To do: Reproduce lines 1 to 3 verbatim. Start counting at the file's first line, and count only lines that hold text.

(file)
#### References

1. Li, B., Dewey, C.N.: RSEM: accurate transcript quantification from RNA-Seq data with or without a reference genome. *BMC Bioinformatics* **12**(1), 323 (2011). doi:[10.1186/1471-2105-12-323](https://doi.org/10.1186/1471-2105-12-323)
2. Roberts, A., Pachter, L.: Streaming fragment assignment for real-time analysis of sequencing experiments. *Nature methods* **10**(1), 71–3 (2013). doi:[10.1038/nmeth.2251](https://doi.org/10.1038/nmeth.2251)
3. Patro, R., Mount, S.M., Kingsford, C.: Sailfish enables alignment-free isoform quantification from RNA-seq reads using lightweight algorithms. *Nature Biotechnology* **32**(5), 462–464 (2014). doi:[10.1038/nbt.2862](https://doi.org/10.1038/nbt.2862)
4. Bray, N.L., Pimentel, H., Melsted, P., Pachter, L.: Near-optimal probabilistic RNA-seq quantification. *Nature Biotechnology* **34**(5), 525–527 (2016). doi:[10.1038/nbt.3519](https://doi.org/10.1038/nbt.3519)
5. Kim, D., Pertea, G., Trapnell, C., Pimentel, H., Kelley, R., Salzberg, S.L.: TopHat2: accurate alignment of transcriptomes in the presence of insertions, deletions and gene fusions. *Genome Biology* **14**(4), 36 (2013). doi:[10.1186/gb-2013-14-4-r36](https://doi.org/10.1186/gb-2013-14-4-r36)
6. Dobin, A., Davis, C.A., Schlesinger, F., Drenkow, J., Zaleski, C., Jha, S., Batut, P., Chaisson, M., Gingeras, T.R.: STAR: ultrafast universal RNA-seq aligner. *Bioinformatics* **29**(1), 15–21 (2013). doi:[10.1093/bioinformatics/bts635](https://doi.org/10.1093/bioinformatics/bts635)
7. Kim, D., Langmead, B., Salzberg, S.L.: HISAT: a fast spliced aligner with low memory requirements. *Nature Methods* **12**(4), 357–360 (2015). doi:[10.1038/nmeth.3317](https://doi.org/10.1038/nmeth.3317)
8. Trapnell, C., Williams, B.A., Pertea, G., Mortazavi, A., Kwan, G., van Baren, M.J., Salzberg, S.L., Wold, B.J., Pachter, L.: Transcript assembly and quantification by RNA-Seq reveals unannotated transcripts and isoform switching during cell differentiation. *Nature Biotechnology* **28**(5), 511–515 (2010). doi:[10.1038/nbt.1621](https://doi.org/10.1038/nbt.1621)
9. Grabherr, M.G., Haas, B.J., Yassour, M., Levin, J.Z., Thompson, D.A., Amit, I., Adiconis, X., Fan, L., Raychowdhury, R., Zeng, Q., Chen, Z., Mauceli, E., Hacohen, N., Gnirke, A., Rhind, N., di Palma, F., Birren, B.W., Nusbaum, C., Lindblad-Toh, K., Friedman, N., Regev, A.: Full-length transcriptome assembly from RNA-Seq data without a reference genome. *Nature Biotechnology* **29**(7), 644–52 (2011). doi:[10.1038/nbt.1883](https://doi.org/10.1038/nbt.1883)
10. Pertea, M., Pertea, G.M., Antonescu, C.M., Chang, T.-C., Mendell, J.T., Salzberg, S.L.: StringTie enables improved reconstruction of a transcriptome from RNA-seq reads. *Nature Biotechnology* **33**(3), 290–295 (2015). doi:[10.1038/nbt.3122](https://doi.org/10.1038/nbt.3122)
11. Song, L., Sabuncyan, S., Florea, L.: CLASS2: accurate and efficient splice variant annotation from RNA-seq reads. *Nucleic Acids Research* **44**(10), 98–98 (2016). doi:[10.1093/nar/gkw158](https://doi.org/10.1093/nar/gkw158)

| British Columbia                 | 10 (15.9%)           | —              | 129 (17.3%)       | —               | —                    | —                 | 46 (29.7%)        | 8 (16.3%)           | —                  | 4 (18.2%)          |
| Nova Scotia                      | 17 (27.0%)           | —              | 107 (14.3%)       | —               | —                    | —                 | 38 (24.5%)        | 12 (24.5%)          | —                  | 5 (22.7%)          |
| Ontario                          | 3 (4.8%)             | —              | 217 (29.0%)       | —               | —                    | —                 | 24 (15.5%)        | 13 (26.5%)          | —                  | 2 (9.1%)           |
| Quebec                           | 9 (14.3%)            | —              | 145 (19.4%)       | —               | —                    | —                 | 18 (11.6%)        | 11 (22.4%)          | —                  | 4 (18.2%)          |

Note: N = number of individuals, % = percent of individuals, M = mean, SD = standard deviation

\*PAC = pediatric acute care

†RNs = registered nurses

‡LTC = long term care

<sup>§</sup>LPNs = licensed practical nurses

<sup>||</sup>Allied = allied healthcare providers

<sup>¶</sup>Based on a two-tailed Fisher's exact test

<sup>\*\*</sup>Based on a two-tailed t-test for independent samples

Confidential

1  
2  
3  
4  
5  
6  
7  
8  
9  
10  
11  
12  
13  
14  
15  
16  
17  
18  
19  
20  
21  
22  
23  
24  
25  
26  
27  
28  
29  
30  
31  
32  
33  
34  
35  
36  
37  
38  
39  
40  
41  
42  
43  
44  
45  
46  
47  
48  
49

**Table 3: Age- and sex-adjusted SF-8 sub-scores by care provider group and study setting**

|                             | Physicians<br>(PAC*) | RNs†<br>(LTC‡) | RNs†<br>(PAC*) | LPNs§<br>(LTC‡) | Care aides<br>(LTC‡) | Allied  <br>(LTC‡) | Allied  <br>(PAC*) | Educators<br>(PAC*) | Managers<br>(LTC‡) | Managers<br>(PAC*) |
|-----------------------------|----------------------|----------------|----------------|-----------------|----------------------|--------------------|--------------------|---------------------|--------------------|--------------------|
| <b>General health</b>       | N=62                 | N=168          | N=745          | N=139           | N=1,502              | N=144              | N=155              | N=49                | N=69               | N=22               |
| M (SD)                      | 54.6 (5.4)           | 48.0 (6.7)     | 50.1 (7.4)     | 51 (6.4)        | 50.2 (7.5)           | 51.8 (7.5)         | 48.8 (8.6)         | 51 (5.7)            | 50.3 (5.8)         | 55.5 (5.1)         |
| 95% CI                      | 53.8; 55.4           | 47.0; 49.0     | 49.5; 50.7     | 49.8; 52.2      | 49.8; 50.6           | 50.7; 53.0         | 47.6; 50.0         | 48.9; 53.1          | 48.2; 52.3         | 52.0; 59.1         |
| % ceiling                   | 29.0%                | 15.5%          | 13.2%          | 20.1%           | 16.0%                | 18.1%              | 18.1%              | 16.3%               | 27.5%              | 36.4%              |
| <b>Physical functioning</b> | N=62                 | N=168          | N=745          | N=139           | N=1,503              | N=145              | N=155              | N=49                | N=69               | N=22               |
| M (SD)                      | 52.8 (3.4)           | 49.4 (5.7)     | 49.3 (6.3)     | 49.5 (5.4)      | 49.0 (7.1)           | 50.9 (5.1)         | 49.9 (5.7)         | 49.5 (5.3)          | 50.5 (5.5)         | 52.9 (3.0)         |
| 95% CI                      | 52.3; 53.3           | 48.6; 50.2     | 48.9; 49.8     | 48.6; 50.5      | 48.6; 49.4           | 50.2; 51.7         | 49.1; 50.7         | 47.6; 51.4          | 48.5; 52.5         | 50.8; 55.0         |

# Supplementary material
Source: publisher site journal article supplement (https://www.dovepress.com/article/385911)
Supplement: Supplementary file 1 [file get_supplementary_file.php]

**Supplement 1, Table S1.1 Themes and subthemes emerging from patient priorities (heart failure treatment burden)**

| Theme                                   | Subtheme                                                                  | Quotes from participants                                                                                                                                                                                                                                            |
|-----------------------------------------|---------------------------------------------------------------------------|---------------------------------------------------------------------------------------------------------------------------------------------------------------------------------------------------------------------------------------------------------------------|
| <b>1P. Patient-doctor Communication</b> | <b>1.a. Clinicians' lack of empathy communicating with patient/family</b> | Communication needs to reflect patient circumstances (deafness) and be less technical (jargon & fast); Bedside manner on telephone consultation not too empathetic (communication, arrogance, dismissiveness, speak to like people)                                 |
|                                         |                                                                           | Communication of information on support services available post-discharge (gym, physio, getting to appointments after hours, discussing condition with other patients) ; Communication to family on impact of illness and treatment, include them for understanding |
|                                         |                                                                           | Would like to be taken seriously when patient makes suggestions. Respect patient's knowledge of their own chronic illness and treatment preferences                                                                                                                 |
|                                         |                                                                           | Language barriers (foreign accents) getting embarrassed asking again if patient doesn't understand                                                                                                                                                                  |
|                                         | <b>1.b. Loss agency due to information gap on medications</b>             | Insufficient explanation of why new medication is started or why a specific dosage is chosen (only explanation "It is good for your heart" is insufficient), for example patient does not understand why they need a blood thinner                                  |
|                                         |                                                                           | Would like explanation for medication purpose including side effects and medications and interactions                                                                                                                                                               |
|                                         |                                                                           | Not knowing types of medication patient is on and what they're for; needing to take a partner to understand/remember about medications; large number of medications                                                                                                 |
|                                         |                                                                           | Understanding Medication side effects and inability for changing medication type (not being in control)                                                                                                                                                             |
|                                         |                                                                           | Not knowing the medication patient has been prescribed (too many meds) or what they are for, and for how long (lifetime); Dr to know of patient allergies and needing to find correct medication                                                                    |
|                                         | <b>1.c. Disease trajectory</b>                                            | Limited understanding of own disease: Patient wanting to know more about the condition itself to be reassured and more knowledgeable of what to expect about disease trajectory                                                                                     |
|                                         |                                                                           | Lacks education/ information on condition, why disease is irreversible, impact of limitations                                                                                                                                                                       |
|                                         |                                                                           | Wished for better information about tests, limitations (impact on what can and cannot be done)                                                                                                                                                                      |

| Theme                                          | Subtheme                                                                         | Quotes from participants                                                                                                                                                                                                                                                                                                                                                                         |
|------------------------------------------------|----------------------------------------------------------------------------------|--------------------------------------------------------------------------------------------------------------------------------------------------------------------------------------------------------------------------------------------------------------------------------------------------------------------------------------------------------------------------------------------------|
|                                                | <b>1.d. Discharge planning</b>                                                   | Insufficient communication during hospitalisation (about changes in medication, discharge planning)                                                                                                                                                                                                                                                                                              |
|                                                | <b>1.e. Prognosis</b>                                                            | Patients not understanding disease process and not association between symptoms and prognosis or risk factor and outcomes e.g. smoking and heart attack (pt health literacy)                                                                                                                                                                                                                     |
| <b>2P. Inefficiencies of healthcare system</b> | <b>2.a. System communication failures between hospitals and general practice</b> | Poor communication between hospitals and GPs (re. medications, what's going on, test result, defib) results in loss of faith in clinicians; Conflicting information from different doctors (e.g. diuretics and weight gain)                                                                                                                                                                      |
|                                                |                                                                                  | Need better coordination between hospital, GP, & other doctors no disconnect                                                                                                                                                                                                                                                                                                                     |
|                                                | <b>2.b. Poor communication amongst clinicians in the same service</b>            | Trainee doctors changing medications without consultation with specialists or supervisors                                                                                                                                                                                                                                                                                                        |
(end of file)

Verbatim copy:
#### References

1. Li, B., Dewey, C.N.: RSEM: accurate transcript quantification from RNA-Seq data with or without a reference genome. *BMC Bioinformatics* **12**(1), 323 (2011). doi:[10.1186/1471-2105-12-323](https://doi.org/10.1186/1471-2105-12-323)
2. Roberts, A., Pachter, L.: Streaming fragment assignment for real-time analysis of sequencing experiments. *Nature methods* **10**(1), 71–3 (2013). doi:[10.1038/nmeth.2251](https://doi.org/10.1038/nmeth.2251)